The family Hesperiidae includes all butterflies that are collectively called skippers
because of their fast skipping flight. This family is the sole member of the Superfamily
Hesperioidea. Whereas, the other five families of butterflies belong to the Superfamily
Papilionoidea. So, skippers are considered butterflies, but they have a few traits
different than the species of “True” butterflies found in the Superfamily Papilionoidea.
Some of these traits include large eyes, short antennae (often with hooked clubs)
and stout bodies. Most also have a very rapid flight with a fast, almost blurred,
wing beat. There are about 3,500 species of skippers and they’re further divided
into seven subfamilies. They occur worldwide with more found in the tropics. Most
species are brown or tan, but some tropical members can be quite colorful.
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Atalopedes campestris belongs to the subfamily Hesperiinae. This species is found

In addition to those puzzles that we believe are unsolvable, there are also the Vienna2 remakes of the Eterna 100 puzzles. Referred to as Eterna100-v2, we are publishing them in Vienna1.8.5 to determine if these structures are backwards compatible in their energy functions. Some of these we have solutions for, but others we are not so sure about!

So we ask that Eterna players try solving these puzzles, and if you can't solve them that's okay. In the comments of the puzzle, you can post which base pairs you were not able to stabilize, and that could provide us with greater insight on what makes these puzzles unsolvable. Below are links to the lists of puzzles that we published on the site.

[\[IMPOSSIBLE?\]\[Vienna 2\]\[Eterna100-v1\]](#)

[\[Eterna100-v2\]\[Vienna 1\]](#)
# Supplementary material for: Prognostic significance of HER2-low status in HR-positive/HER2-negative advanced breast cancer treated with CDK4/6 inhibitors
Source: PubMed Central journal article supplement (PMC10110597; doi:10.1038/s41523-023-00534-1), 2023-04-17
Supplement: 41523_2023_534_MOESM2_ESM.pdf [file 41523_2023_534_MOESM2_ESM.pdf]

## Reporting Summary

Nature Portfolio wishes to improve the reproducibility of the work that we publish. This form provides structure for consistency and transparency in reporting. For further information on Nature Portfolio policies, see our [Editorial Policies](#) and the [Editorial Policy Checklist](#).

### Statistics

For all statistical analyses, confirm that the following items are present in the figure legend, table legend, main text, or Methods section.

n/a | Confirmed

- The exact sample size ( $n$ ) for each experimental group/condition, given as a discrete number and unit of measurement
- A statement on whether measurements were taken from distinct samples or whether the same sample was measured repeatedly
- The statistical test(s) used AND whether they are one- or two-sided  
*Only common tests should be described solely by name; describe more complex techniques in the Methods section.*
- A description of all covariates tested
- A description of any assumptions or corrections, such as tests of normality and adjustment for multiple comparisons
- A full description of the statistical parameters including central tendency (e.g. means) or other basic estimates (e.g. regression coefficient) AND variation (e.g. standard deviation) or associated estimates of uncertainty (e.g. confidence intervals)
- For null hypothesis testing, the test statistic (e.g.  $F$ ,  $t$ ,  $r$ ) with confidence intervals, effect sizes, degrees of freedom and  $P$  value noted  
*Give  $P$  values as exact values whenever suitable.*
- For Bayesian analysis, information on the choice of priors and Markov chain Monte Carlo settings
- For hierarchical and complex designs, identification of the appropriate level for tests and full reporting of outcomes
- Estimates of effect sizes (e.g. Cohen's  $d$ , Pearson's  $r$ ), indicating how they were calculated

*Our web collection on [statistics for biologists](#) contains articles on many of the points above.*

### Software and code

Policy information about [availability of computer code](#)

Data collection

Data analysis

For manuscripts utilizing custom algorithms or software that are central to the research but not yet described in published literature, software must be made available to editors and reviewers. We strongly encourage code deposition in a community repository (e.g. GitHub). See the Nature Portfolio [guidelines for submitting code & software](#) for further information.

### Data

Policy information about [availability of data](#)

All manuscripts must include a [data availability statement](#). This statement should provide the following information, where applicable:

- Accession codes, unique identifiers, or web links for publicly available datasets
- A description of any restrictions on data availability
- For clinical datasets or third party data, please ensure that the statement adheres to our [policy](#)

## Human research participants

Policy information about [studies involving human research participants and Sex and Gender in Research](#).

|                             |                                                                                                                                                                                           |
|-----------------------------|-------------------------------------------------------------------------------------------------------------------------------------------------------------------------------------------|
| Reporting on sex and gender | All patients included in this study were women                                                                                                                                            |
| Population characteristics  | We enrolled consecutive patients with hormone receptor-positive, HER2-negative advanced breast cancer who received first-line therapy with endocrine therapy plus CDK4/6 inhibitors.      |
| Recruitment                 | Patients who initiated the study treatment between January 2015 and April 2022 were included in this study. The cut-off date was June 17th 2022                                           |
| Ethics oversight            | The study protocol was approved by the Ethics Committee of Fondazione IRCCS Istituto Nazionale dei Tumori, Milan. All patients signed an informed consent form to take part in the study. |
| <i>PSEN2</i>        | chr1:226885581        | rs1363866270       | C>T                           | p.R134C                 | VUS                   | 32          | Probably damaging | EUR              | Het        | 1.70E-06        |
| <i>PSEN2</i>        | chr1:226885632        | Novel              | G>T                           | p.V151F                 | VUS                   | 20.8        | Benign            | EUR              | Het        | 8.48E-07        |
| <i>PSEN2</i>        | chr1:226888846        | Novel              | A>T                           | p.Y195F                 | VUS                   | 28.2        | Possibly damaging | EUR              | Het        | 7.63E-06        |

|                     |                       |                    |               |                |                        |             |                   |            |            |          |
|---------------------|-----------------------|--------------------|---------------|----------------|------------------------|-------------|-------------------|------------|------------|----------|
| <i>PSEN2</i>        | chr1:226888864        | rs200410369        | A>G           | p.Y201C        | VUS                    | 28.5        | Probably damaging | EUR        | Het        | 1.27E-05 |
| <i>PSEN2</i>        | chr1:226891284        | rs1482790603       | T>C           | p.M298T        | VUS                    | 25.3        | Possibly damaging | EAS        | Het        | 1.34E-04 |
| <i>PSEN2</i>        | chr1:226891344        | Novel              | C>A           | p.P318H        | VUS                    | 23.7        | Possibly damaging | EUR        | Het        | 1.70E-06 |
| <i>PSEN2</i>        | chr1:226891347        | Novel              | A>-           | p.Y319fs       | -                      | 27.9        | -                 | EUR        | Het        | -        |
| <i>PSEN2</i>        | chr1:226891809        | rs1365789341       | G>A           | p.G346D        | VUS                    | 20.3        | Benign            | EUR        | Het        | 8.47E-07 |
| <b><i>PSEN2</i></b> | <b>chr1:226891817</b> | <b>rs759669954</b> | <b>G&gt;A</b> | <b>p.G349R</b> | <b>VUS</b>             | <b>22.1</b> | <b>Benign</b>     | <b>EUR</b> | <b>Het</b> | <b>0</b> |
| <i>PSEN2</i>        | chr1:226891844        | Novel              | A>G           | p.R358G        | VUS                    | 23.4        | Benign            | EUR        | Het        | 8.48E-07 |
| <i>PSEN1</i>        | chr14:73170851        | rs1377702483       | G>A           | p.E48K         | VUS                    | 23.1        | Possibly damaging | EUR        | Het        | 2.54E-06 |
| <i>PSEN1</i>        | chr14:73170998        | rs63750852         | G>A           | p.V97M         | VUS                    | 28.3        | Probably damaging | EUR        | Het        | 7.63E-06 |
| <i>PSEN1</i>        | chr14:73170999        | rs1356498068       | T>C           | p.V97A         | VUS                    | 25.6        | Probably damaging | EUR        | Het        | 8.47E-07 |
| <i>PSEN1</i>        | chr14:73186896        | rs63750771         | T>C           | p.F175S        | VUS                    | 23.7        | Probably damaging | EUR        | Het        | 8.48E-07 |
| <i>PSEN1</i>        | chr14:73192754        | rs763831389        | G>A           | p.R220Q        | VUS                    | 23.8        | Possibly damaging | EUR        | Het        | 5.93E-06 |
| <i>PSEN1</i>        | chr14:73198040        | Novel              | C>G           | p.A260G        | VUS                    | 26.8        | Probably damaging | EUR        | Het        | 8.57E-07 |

from the southern United States from Virginia west to California then south through
Mexico and Central America to Brazil. It strays and colonizes north to central North
Dakota, southern Michigan, Manitoba and northern Pennsylvania. It preferred habitat
includes disturbed, open areas such as roadsides, landfills, pastures, meadows, fencerows,
yards, parks and lawns. It can be very common in lawns and is sometimes referred
as the “little orange moth” by home owners. It shares that distinction with the
Fiery Skipper, Hylephila phyleus.
The larval food source includes various grasses such as Bermuda grass, Cynodon dactylon,
crabgrass, Digitaria sp., St. Augustine grass, Stenotaphrum secundatum, and goosegrass,
Eleusine sp. Males perch on or near the ground during most of the day to wait for
receptive females. Females lay single eggs on dry grass blades in the afternoon.
Caterpillars feed on leaves and live at the base of grasses in shelters of rolled
or tied leaves.